These figures show that front runners have an edge of a similar degree to the one enjoyed by pace setters over 5f, albeit slightly less potent. However, we know that front running pace bias is generally stronger at five furlongs than six, and essentially this bias is a strong one for the distance. In terms of win percentage, Catterick’s front runner figures rate as the third strongest amongst UK turf courses (6f), while the A/E value puts this course and distance in fourth overall.

In terms of going, there does seem to be more of an edge for front runners on better ground. Let us examine the stats for 6f handicaps run on good going or firmer:

These are some impressive figures for front runners, which win close to one in every four races; meanwhile, hold up horses are at the opposite end of the scale winning less that 5% of the time on quick ground.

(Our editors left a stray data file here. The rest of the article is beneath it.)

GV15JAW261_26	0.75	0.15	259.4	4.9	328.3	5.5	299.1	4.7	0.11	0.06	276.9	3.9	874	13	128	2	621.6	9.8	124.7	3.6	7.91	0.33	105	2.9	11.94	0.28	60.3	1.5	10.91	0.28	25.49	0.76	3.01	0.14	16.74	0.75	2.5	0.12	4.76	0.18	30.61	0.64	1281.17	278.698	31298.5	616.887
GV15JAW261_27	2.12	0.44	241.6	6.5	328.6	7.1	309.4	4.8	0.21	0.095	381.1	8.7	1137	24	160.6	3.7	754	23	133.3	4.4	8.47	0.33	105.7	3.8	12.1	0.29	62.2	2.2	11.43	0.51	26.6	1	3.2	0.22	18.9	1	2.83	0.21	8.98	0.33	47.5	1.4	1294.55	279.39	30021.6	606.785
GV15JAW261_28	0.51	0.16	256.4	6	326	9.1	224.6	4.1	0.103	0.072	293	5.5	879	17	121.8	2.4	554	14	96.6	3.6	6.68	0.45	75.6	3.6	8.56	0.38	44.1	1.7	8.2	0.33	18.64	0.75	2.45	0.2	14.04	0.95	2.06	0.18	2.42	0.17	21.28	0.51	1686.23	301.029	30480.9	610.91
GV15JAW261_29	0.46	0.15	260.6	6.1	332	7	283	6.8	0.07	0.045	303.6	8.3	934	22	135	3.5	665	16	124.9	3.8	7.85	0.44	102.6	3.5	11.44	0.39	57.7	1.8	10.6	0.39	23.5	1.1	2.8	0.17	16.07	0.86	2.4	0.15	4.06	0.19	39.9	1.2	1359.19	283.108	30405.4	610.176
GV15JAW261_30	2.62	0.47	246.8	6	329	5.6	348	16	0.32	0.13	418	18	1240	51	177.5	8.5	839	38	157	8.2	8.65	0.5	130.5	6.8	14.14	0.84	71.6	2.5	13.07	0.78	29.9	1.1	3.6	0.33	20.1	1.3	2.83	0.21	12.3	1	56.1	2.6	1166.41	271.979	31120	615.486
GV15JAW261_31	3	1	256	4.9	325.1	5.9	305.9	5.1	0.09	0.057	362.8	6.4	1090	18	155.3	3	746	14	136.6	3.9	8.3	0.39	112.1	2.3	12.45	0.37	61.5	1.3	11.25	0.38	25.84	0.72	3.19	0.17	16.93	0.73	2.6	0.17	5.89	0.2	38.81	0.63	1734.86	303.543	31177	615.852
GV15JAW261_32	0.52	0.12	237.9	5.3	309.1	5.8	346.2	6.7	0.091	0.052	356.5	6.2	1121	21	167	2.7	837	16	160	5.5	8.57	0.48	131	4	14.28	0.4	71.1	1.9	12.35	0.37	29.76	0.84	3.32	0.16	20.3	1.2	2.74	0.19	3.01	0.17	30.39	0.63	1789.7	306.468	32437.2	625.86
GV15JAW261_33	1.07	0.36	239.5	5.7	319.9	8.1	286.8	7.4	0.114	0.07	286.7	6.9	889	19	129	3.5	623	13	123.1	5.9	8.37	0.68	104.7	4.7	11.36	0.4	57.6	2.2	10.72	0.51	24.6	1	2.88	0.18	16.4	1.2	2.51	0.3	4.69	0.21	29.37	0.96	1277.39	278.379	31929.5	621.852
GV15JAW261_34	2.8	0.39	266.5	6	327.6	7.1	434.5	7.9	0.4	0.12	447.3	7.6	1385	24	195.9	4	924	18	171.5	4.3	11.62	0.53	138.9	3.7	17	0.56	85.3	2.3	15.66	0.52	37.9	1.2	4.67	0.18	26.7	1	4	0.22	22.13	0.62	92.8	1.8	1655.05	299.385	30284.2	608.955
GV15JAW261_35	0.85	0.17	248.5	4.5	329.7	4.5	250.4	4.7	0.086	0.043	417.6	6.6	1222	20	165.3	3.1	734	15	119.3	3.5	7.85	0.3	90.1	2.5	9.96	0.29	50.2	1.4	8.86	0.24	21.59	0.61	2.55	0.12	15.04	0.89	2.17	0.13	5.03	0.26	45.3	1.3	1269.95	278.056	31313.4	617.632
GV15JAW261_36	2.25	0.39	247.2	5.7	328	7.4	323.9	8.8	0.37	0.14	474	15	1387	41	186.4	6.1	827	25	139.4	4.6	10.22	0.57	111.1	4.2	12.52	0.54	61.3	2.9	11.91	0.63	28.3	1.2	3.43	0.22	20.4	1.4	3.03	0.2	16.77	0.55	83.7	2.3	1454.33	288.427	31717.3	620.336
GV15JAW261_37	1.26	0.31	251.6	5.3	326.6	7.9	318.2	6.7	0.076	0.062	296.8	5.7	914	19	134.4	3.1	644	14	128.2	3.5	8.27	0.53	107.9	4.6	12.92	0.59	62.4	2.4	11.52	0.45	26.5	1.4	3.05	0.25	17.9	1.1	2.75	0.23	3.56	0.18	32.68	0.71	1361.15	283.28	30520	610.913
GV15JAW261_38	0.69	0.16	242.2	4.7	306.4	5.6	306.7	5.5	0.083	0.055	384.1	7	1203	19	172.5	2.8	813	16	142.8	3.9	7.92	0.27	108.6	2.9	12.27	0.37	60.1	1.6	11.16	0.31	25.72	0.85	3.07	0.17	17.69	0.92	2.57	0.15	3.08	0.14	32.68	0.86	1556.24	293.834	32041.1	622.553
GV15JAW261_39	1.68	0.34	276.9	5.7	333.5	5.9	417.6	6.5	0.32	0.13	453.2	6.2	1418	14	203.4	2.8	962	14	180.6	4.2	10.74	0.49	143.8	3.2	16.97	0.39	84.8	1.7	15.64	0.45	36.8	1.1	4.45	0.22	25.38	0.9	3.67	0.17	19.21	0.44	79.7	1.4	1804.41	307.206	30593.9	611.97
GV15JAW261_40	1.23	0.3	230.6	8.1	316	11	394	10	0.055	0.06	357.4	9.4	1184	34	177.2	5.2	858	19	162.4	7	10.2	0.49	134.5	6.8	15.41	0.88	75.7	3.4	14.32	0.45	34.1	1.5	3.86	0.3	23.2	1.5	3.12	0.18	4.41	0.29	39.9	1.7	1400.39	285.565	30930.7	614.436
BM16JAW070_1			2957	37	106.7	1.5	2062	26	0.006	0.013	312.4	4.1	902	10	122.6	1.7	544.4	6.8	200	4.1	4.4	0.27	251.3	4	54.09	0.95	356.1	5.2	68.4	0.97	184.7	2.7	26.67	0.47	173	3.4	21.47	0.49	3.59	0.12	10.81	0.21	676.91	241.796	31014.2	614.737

Onto good to soft or softer going now:

Prominent runners have an equally good record to front runners on this easier ground, but it should be noted that it seems even more difficult to win if racing mid-pack or at the rear early.

The penultimate tables in this 6f section looks at draw / pace (running style) combinations for front runners in 6f handicaps (2009 – 2019). I would expect lower draws to lead more often than higher ones simply due to the left handed configuration:

Higher draws do lead least often, but it is interesting to note that middle drawn horses have got to the lead slightly more often than lower drawn horses closer to the inside rail. It is also worth noting that hold up horses drawn low, just like at 5f, find it virtually impossible to win – just 4 have prevailed from 146 such runners.